52. 52. Dimensions<br />The US IC has determined that there are a number of constraints that need to be overcome to enable better information sharing.<br />Policy<br /><ul><li>Policy doesn’t exist to enable information sharing through common data and interface standards
  53. 53. Certification and Accreditation are complex and lead to information stove-pipes
  54. 54. Current Security Policies are focused on a “Need to Know” paradigm which provides limited support for the unanticipated user
  55. 55. A complication exists for Commonwealth partners where there is a need to operate in accordance with the policy, legal and technical channels established under agency-agency counterpart arrangements</li></ul>Process<br /><ul><li>Limited governance process in place to ensure IC-wide controls are in place for reusable services and data standards
  56. 56. Current CM processes are based on independent systems and source code with minimal external system dependency tracking
  57. 57. Process gaps exist between the IC and Defence which is impeding information sharing across boundaries</li></ul>Budget<br /><ul><li>IT Portfolio Management and Budget decisions are based on multi-year acquisition programs which are resistant to change
  58. 58. Operations and maintenance costs are a rising percentage of the budget
  59. 59. Duplicate data entry and manual data reconciliation create higher labor costs
  60. 60. Integrating data stovepipes is expensive</li></ul>Technology<br /><ul><li>Differences in architectural platforms make it difficult to re-use existing systems in traditional architectures
  61. 61. Information cannot be securely discovered and consumed outside of the controlling institution, and often cannot be discovered within
  62. 62. Analysts often have no mechanism to search across multiple data sources, aggregating the data to run through applications and other processes</li></li></ul><li>The DNI Information Sharing Strategy articulates a technical vision for closer integration and collaboration across the US IC.<br />“The existing agency-centric IC must evolve into a true Intelligence Enterprise established on a collaborative foundation of shared services, mission-centric operations, and integrated mission management, all enabled by a smooth flow of people, ideas and activities across the boundaries of the IC agency members…This must be built on a robust information infrastructure, based on a culture of information sharing, and supported by a range of common services”<br />“The information sharing strategy is focused on developing a ‘responsibility to provide’ culture in which we unlock intelligence data from a fragmented information technology infrastructure spanning multiple agencies and make it readily discoverable and accessible from the earliest point at which an analyst can add value”<br />Former Director of National IntelligenceMike McConnell<br />VISION: “An integrated intelligence enterprise that anticipates mission needs for information by making the complete spectrum of intelligence information available to support all stages of the intelligence process”<br />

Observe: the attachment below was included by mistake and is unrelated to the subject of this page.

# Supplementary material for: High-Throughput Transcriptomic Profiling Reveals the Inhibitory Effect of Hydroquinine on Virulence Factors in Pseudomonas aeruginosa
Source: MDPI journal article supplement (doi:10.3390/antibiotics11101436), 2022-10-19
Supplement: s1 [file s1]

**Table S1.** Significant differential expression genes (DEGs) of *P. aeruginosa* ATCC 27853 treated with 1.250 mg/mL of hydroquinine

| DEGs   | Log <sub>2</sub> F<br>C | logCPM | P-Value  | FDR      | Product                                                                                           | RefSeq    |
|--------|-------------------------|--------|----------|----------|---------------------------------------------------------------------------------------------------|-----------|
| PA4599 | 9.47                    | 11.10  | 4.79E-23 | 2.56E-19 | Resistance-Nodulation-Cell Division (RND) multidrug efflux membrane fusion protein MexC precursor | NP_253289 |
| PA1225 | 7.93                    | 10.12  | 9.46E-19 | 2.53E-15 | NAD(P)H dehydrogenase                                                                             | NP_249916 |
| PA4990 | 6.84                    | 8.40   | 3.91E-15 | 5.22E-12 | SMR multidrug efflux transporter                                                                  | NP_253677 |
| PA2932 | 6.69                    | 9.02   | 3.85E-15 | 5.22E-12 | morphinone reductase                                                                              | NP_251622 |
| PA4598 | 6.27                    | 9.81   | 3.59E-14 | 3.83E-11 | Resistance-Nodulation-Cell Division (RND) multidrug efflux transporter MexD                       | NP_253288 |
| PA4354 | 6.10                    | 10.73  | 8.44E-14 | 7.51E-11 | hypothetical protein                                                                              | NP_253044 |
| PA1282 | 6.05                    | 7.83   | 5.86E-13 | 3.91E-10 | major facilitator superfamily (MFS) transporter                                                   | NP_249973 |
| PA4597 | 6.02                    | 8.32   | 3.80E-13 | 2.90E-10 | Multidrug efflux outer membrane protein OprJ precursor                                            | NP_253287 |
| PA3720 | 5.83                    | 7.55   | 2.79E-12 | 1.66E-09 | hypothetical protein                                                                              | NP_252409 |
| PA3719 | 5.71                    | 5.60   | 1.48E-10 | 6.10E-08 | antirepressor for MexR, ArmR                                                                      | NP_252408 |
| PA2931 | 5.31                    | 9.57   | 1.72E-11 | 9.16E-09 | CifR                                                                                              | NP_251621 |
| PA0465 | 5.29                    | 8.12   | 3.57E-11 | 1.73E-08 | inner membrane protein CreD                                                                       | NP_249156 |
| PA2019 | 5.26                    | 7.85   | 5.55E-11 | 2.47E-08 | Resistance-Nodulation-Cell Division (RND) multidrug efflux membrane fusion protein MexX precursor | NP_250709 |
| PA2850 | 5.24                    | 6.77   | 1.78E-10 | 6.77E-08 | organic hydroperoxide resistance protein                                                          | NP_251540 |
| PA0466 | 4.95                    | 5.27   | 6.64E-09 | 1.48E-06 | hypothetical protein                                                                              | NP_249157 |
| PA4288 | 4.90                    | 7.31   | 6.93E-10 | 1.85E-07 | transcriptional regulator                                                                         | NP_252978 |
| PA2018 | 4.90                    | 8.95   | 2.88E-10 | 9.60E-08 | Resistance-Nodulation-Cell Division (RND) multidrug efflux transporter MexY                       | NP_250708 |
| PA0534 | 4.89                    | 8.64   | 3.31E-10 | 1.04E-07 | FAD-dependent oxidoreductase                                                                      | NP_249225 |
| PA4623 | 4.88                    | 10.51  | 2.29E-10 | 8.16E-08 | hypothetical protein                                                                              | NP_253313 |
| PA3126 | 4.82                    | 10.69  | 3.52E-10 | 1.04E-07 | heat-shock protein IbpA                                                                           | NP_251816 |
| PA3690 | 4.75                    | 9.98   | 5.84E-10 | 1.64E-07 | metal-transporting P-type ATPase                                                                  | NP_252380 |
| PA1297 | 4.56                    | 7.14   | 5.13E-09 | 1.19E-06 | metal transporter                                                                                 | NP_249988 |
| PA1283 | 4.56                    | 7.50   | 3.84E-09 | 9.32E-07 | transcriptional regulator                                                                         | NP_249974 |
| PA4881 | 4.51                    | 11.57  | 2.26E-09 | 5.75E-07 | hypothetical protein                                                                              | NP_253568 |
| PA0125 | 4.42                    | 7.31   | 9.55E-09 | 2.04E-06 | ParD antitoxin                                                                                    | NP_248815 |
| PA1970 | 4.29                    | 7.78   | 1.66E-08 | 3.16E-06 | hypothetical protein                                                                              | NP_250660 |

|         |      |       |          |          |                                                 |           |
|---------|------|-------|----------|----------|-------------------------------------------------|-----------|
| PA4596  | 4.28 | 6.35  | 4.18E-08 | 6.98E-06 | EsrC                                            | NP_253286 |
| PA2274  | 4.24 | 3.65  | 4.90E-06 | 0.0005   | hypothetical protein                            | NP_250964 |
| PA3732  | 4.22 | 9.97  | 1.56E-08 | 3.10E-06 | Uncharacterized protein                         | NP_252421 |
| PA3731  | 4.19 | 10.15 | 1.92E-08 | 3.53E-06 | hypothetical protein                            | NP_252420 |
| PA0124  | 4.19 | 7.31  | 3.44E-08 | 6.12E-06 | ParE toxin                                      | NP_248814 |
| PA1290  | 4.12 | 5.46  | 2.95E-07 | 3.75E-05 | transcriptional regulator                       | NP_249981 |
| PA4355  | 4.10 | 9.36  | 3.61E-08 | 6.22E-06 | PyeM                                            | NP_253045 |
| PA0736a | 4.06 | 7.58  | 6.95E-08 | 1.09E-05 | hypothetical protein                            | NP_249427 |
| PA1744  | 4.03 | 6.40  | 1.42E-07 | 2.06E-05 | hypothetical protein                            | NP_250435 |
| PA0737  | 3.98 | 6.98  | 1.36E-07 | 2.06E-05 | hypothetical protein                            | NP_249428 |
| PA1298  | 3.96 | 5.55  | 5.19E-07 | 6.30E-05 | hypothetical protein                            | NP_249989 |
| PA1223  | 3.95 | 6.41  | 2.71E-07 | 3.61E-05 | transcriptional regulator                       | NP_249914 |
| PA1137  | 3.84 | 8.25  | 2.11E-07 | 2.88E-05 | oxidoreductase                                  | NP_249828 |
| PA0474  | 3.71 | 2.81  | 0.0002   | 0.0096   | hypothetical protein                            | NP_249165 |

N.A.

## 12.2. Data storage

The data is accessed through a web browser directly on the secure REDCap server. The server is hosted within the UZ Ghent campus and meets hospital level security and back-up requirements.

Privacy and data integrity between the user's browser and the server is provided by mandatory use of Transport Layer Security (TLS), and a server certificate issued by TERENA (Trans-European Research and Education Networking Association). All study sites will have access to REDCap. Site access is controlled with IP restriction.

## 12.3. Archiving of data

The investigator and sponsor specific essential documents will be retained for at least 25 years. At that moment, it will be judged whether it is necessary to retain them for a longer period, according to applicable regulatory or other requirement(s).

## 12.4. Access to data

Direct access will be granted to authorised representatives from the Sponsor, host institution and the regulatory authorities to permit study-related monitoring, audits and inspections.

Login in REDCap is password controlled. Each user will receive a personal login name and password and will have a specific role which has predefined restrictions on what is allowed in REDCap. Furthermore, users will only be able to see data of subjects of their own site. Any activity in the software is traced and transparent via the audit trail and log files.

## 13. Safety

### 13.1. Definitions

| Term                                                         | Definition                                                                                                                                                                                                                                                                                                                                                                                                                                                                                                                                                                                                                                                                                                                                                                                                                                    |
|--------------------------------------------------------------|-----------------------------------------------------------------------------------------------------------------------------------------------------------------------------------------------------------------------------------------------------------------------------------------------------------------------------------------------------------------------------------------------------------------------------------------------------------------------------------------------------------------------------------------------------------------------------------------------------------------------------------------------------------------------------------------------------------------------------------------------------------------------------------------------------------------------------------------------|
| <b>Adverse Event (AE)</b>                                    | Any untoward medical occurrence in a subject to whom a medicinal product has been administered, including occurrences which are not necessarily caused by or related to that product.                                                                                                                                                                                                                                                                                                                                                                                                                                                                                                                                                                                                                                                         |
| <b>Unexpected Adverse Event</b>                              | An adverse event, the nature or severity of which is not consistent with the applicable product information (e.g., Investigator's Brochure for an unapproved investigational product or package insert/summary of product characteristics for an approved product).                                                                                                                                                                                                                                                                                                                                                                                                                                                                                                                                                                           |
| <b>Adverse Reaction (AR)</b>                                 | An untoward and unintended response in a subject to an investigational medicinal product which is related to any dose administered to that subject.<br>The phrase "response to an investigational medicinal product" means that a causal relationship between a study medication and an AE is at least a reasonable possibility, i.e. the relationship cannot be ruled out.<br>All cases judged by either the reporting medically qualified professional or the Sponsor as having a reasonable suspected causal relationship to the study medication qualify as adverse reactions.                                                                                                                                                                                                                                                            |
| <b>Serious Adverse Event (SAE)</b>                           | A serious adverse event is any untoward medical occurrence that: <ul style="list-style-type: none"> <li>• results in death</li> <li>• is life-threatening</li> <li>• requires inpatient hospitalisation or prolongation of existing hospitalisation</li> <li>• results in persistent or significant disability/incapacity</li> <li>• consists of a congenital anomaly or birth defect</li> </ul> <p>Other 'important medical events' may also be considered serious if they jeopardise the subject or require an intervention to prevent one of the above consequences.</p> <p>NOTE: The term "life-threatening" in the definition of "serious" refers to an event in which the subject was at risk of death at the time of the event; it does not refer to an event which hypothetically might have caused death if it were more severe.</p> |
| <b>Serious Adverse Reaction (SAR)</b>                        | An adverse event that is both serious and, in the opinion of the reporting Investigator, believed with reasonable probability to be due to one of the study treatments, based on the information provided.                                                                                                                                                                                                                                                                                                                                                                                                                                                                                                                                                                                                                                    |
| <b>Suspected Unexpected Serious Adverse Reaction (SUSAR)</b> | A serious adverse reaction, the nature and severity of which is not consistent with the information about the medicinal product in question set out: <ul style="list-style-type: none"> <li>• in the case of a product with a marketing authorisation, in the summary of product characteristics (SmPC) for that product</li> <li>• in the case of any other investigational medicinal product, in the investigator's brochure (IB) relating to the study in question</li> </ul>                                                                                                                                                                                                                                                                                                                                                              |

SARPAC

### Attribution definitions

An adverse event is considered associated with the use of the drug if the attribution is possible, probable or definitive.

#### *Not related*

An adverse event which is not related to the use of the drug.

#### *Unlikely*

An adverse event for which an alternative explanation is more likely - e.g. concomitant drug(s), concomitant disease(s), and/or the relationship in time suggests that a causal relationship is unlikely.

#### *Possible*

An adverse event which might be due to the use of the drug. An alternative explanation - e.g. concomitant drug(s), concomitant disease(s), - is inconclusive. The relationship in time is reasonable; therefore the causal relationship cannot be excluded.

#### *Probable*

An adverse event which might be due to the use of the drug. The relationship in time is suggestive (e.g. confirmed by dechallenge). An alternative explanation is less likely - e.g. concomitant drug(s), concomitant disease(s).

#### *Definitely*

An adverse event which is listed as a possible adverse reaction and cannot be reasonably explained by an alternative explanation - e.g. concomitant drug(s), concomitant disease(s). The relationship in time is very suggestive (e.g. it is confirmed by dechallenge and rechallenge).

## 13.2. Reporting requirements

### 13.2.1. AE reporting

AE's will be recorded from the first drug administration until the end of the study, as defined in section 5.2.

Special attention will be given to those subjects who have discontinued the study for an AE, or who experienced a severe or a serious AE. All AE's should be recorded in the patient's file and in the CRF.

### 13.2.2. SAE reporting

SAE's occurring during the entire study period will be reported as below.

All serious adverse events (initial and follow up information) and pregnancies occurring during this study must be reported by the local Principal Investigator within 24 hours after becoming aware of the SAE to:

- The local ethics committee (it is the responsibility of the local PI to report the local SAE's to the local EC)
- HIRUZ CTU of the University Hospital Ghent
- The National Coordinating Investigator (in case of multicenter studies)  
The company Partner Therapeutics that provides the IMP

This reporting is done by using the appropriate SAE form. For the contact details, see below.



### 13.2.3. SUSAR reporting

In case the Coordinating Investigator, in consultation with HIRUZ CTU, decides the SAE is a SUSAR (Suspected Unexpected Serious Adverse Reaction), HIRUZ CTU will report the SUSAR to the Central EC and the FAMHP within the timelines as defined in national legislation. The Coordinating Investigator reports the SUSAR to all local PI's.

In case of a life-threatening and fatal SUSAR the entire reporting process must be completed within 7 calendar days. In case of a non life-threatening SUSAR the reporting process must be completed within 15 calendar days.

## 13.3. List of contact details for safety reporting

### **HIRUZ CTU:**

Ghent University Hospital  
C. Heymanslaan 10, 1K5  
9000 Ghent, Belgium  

63. 63. This is a snapshot of some of the Social Media tools currently being deployed across the US IC.<br />National Intelligence Priorities Framework (NIPF)<br />Integrated Collection & Analysis Requirements System (ICARS)<br />Executive Intelligence Summary (EIS)<br /><ul><li>Means to capture issues of critical interest to senior IC customers and communicating those issues to the IC for action
  64. 64. Updated semi-annually providing a common foundation from which IC managers can make collection and analytical resource decisions
  65. 65. Provides a common environment for nominating gaps, researching whether those gaps are already covered by existing requirements, and if not, enabling the creation of new requirements for submission.
  66. 66. Piloted in Aug 08 and made available via a standardised web service
  67. 67. Daily, web-based compendium developed by ODNI on the JWICS to summarise relevant, high-quality finished analytical products from across the IC and organised either by issue or region
  68. 68. Now contains automated ingests from European Command & Central Control, DHS, DIA and CIA</li></ul>A-Space: Enriching analysis<br />Intellipedia: Collaboration through Wikis<br /><ul><li>A common collaborative workspace for IC analysts, providing a shared access to corporate data and to numerous databases maintained by individual IC organisations
  69. 69. Configured as special enclave in JWICS, and accredited to handle HUMINT CS and sensitive COMINT, open to over 9,000 analysts
  70. 70. IC version of Wikipedia available on TS/SI/TK/NOFORN via JWICS, SIPRNet and at unclassified level
  71. 71. Now containing over 40,000 registered users and 349,000 active pages</li></ul>Analytical Resources Catalogue (ARC) and Analyst Yellow Pages<br />Library of National Intelligence (LNI): Making discovery easer<br /><ul><li>ARC is a database on JWICS maintained by ODNI that captures basic contact data on IC analysts as well as information on skills, expertise and experience. Yellow Pages is a classified web-based phonebook derived from the ARC.
  72. 72. ARC has updated data for over 18,000 analysts and is being further developed into an IC Capabilities Catalogue (C3)